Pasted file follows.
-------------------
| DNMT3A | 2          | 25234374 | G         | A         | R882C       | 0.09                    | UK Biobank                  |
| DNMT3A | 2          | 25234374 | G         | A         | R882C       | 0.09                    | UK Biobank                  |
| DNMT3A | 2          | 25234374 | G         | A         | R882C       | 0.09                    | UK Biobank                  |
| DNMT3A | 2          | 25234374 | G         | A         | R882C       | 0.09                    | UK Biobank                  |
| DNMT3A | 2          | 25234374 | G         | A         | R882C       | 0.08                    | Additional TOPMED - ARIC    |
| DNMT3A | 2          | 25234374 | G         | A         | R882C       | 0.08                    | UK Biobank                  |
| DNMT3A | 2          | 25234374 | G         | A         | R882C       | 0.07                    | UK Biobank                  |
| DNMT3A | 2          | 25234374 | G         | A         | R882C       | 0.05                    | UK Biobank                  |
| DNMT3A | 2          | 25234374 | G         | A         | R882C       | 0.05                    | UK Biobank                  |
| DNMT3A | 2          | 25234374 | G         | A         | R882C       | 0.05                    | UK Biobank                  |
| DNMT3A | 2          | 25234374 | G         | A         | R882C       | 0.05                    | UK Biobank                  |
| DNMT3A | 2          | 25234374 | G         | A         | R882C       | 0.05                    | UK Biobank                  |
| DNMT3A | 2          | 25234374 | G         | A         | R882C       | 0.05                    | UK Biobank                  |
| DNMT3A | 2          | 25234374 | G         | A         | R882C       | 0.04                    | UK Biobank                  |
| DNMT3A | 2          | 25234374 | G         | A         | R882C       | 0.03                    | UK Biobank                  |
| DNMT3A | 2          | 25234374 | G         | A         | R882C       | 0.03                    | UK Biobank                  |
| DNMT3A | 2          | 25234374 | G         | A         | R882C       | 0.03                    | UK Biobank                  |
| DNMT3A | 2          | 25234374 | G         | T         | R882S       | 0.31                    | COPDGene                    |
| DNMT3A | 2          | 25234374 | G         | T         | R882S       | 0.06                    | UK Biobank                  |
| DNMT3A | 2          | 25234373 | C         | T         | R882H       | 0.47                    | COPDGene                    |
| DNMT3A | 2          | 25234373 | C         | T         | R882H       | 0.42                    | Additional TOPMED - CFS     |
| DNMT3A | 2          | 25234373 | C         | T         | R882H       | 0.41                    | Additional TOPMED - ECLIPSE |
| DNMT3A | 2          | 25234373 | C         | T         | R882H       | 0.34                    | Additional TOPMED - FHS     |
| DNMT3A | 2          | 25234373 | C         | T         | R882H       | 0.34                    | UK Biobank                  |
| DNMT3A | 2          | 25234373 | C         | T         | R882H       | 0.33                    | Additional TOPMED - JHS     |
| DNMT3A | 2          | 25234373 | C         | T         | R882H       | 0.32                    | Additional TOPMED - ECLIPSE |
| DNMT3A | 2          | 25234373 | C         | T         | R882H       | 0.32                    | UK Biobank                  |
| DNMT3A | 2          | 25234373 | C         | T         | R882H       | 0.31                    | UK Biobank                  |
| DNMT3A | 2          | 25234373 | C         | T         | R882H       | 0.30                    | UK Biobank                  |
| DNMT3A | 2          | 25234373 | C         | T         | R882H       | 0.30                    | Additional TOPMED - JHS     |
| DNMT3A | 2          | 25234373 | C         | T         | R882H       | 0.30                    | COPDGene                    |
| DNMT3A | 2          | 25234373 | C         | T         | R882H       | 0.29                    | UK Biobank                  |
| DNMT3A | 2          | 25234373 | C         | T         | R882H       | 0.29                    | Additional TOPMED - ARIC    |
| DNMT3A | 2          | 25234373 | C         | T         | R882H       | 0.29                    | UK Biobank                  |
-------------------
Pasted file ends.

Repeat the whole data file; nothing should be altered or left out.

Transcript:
| DNMT3A | 2          | 25234374 | G         | A         | R882C       | 0.09                    | UK Biobank                  |
| DNMT3A | 2          | 25234374 | G         | A         | R882C       | 0.09                    | UK Biobank                  |
| DNMT3A | 2          | 25234374 | G         | A         | R882C       | 0.09                    | UK Biobank                  |
| DNMT3A | 2          | 25234374 | G         | A         | R882C       | 0.09                    | UK Biobank                  |
| DNMT3A | 2          | 25234374 | G         | A         | R882C       | 0.08                    | Additional TOPMED - ARIC    |
| DNMT3A | 2          | 25234374 | G         | A         | R882C       | 0.08                    | UK Biobank                  |
| DNMT3A | 2          | 25234374 | G         | A         | R882C       | 0.07                    | UK Biobank                  |
| DNMT3A | 2          | 25234374 | G         | A         | R882C       | 0.05                    | UK Biobank                  |
| DNMT3A | 2          | 25234374 | G         | A         | R882C       | 0.05                    | UK Biobank                  |
| DNMT3A | 2          | 25234374 | G         | A         | R882C       | 0.05                    | UK Biobank                  |
| DNMT3A | 2          | 25234374 | G         | A         | R882C       | 0.05                    | UK Biobank                  |
| DNMT3A | 2          | 25234374 | G         | A         | R882C       | 0.05                    | UK Biobank                  |
| DNMT3A | 2          | 25234374 | G         | A         | R882C       | 0.05                    | UK Biobank                  |
| DNMT3A | 2          | 25234374 | G         | A         | R882C       | 0.04                    | UK Biobank                  |
| DNMT3A | 2          | 25234374 | G         | A         | R882C       | 0.03                    | UK Biobank                  |
| DNMT3A | 2          | 25234374 | G         | A         | R882C       | 0.03                    | UK Biobank                  |
| DNMT3A | 2          | 25234374 | G         | A         | R882C       | 0.03                    | UK Biobank                  |
| DNMT3A | 2          | 25234374 | G         | T         | R882S       | 0.31                    | COPDGene                    |
| DNMT3A | 2          | 25234374 | G         | T         | R882S       | 0.06                    | UK Biobank                  |
| DNMT3A | 2          | 25234373 | C         | T         | R882H       | 0.47                    | COPDGene                    |
| DNMT3A | 2          | 25234373 | C         | T         | R882H       | 0.42                    | Additional TOPMED - CFS     |
| DNMT3A | 2          | 25234373 | C         | T         | R882H       | 0.41                    | Additional TOPMED - ECLIPSE |
| DNMT3A | 2          | 25234373 | C         | T         | R882H       | 0.34                    | Additional TOPMED - FHS     |
| DNMT3A | 2          | 25234373 | C         | T         | R882H       | 0.34                    | UK Biobank                  |
| DNMT3A | 2          | 25234373 | C         | T         | R882H       | 0.33                    | Additional TOPMED - JHS     |
| DNMT3A | 2          | 25234373 | C         | T         | R882H       | 0.32                    | Additional TOPMED - ECLIPSE |
| DNMT3A | 2          | 25234373 | C         | T         | R882H       | 0.32                    | UK Biobank                  |
| DNMT3A | 2          | 25234373 | C         | T         | R882H       | 0.31                    | UK Biobank                  |
| DNMT3A | 2          | 25234373 | C         | T         | R882H       | 0.30                    | UK Biobank                  |
| DNMT3A | 2          | 25234373 | C         | T         | R882H       | 0.30                    | Additional TOPMED - JHS     |
| DNMT3A | 2          | 25234373 | C         | T         | R882H       | 0.30                    | COPDGene                    |
| DNMT3A | 2          | 25234373 | C         | T         | R882H       | 0.29                    | UK Biobank                  |
| DNMT3A | 2          | 25234373 | C         | T         | R882H       | 0.29                    | Additional TOPMED - ARIC    |
| DNMT3A | 2          | 25234373 | C         | T         | R882H       | 0.29                    | UK Biobank                  |